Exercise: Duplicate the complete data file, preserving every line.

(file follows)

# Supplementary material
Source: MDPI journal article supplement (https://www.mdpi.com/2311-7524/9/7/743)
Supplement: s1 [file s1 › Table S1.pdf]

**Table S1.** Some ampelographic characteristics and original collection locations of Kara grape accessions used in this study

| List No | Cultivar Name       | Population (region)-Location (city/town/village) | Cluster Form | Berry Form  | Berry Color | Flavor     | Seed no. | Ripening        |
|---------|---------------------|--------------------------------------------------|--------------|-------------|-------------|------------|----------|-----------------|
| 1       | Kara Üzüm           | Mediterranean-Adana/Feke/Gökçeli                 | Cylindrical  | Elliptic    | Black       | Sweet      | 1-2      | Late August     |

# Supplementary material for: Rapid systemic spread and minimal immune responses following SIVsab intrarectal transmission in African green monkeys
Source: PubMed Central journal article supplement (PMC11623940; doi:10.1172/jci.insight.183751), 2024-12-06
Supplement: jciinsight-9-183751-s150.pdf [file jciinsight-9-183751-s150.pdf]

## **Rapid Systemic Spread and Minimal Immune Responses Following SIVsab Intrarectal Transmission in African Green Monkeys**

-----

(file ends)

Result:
# Supplementary material
Source: MDPI journal article supplement (https://www.mdpi.com/2311-7524/9/7/743)
Supplement: s1 [file s1 › Table S1.pdf]

**Table S1.** Some ampelographic characteristics and original collection locations of Kara grape accessions used in this study

| List No | Cultivar Name       | Population (region)-Location (city/town/village) | Cluster Form | Berry Form  | Berry Color | Flavor     | Seed no. | Ripening        |
|---------|---------------------|--------------------------------------------------|--------------|-------------|-------------|------------|----------|-----------------|
| 1       | Kara Üzüm           | Mediterranean-Adana/Feke/Gökçeli                 | Cylindrical  | Elliptic    | Black       | Sweet      | 1-2      | Late August     |

# Supplementary material for: Rapid systemic spread and minimal immune responses following SIVsab intrarectal transmission in African green monkeys
Source: PubMed Central journal article supplement (PMC11623940; doi:10.1172/jci.insight.183751), 2024-12-06
Supplement: jciinsight-9-183751-s150.pdf [file jciinsight-9-183751-s150.pdf]

## **Rapid Systemic Spread and Minimal Immune Responses Following SIVsab Intrarectal Transmission in African Green Monkeys**

-----